Amateur Athlete: Hidden Valley Three-Sport Athlete Hannah Hayes is a Triple Threat

Playing three sports at a high level is tough, especially when you start all of them late, like Hannah Hayes did at Hidden Valley.

Posted: Nov. 30, 2017 2:54 PM

WILLIAMS -- It's never too late to get started. Hidden Valley's Hannah Hayes, who was just named the Skyline Conference's Player of the Year in volleyball, didn't even start playing competitively until her sophomore year.

"I didn't play my freshman year, but I loved volleyball so much that I stayed in the class, the volleyball class here that Hidden Valley holds, and I worked every single day with the team," Hayes said, "I didn't go off with the non-volleyball players, I played with the volleyball players so I could get good." 

Her head coach Robert Jackson is astonished with the growth he's seen from Hayes, who was unpolished as a sophomore coming into the program. 

"It's pretty impressive how good she is, being player of the year her senior year in volleyball and making the all-tournament team," Jackson said, "If you would've told me that two years ago when she was a sophomore first starting, I would've laughed at you."

By her senior year, Hayes was the best player in the conference and helped lead the Mustangs to a third-place finish in the state tournament. With zero break, she moved onto basketball season, one of the other two sports she plays. She wasn't always one of the best players on the hardwood either. 

"Sixth-grade year, I tried out and didn't make the team, but I liked it so much I was a practice player and worked every day to get better," Hayes said, "Seventh-grade year, I ended up being a starter."

Hayes' story is one of perseverence. She has never let failure get to her, which is why she is emerging as an elite athlete in multiple sports. The third sport she plays, softball, she did not take up until high school. 

"I started my freshman year and I had never played softball before," Hayes said.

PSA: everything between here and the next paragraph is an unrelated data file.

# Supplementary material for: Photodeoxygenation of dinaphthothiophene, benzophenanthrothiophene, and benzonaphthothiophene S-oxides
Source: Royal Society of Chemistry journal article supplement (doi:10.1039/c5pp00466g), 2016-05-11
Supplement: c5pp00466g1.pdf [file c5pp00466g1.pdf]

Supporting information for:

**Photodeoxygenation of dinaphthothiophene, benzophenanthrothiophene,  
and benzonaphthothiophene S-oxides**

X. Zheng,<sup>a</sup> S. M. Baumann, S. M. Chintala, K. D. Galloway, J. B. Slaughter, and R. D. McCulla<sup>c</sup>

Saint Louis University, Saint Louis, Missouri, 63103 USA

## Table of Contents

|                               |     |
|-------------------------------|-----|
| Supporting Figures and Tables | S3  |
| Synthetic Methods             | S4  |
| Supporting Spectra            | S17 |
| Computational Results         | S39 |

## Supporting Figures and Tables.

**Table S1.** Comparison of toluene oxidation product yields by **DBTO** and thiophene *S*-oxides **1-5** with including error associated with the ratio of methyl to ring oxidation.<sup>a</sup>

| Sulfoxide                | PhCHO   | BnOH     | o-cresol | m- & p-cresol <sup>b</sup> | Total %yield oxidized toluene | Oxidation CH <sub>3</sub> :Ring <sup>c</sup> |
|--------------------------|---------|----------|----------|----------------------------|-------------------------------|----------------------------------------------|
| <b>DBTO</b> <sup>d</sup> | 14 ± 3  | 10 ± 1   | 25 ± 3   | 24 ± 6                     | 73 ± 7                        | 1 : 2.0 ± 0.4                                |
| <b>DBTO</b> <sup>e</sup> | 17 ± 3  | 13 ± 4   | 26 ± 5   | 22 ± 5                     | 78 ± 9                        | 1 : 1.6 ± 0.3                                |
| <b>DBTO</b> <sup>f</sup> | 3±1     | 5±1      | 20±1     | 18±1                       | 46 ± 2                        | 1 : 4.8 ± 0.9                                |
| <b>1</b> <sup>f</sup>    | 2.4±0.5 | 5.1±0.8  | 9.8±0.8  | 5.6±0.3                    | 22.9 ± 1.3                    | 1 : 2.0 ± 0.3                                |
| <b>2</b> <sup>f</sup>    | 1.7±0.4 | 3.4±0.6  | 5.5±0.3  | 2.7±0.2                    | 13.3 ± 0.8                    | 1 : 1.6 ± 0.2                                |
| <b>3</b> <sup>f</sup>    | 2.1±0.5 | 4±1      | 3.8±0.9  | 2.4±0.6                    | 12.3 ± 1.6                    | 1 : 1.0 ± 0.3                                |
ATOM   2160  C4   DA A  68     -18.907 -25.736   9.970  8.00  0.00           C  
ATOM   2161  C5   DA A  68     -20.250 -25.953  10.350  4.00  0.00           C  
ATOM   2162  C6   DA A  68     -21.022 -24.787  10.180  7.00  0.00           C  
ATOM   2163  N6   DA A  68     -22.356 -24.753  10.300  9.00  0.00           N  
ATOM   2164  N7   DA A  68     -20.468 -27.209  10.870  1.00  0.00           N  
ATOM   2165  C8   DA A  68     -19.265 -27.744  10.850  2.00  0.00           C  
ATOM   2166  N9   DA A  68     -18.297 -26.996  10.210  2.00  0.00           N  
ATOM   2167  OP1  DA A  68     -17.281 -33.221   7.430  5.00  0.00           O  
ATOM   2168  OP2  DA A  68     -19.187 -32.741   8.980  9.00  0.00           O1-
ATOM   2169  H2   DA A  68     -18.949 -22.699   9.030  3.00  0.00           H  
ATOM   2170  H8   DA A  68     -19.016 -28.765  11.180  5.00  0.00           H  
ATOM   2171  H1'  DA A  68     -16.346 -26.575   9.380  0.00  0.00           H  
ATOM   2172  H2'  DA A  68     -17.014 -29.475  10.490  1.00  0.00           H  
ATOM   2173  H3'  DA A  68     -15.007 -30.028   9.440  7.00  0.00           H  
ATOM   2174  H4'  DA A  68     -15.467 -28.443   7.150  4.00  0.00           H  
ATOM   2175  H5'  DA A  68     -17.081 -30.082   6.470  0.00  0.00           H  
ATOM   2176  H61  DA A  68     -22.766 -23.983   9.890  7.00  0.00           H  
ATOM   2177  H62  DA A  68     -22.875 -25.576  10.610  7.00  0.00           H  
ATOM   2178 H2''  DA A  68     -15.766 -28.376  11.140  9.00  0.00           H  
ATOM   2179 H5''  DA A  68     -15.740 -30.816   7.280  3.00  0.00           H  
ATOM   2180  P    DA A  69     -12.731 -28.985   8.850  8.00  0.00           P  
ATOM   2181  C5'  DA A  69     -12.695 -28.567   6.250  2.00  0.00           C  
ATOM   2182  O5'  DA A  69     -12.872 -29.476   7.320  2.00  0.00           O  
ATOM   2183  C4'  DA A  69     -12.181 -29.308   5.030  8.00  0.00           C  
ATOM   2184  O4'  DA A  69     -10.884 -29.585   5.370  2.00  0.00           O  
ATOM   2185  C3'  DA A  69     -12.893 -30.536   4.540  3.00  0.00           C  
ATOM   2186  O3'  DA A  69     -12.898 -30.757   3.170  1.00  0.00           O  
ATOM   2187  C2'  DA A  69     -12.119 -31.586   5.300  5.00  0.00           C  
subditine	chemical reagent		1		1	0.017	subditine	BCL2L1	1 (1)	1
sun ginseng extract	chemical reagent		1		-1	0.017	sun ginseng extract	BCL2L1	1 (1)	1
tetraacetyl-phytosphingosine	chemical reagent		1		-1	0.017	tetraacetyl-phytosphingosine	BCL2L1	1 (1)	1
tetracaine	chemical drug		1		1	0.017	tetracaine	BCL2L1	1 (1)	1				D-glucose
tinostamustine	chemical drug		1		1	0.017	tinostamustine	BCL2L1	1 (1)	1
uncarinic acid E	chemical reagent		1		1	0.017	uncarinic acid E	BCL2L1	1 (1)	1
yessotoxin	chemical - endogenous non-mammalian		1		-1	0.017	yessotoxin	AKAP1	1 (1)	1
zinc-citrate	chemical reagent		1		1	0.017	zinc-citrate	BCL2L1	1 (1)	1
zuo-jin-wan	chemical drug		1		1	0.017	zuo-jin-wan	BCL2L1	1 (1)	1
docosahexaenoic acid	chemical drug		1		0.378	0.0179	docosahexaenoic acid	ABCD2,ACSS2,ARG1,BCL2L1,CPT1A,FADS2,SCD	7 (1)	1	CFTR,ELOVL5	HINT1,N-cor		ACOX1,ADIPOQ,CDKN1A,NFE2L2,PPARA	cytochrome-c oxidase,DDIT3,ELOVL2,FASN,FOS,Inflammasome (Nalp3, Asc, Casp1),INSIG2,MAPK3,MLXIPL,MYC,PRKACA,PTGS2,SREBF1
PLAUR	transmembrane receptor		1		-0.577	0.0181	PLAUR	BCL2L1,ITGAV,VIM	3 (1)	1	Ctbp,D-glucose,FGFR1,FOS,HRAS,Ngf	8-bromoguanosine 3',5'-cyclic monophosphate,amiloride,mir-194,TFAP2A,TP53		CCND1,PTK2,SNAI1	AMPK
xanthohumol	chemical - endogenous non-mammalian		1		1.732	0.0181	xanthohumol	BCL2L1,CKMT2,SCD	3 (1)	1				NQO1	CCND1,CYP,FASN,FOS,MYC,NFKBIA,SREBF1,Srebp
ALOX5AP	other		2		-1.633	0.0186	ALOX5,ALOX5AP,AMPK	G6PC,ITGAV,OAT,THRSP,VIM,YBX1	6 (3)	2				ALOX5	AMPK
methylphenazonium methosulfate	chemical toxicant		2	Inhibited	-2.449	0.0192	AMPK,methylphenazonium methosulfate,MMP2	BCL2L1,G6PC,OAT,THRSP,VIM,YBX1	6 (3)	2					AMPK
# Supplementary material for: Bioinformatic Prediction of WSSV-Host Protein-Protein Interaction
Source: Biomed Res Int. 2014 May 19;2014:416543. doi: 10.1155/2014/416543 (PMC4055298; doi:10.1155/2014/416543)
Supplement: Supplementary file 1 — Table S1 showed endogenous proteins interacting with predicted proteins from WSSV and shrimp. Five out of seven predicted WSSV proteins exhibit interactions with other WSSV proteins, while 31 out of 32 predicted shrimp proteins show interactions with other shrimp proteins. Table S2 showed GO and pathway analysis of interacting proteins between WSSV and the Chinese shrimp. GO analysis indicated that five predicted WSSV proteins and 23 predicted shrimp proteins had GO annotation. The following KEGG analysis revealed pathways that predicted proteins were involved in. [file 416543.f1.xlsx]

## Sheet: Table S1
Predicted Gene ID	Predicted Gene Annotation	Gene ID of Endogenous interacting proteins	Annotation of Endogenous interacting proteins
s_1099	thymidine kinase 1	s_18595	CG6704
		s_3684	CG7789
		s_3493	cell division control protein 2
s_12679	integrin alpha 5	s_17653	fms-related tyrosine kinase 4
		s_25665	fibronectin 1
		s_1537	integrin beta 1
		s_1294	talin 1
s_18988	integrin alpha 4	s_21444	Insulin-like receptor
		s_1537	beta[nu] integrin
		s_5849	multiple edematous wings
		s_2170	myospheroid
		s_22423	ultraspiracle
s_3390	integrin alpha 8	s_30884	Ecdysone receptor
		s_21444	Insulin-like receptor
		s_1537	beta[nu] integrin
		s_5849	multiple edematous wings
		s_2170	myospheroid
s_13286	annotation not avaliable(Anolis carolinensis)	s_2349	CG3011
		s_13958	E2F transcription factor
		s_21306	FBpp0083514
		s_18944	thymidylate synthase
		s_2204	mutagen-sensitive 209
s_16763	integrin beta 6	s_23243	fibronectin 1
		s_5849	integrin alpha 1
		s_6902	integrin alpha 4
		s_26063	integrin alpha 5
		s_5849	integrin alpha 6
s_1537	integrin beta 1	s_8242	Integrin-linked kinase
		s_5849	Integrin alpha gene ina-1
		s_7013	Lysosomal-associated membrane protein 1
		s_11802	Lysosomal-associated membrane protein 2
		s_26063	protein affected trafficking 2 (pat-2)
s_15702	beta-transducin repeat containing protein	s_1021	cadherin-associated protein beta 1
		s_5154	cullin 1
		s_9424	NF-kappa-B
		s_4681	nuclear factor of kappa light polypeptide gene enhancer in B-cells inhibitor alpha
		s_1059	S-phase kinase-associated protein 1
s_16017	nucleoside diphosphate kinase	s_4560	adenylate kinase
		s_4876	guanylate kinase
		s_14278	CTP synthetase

More than anything, what has enabled her to become an elite three-sport athlete is the support she's gotten from Coach Jackson and his family, who she now lives with. 

"Hannah lives with my family. She came into our household about a year and a half ago," Jackson said, "She's just been a blessing to our family." 

Hannah's mom is a single mother working multiple jobs, without the time to get Hannah to all the sporting events she needs. In order to best help her in her athletic development, she made the difficult decision to let Hannah live with the Jacksons so she could get to every sport she needs to. 

"Her mom has really sacrificed to let her stay with us so she can have that support," Jackson said, "It's that ultimate love of saying 'this is a better situation for you" to get the support you need to be really successful.'"

Thanks to that sacrifice, Hannah now has a bright future in collegiate athletics, where she doesn't plan on slowing down. 

"She's going to get to pick and choose what she wants to do," Jackson said, "She's already been talking about wanting to play at least two sports in college."

Hannah, while developing in high school, has learned a valuable lesson. It's one she will be able to take with her long after her playing career, in whatever sport it may be, is over.

"If you work hard and put your mind toward something, you can accomplish a lot of things."

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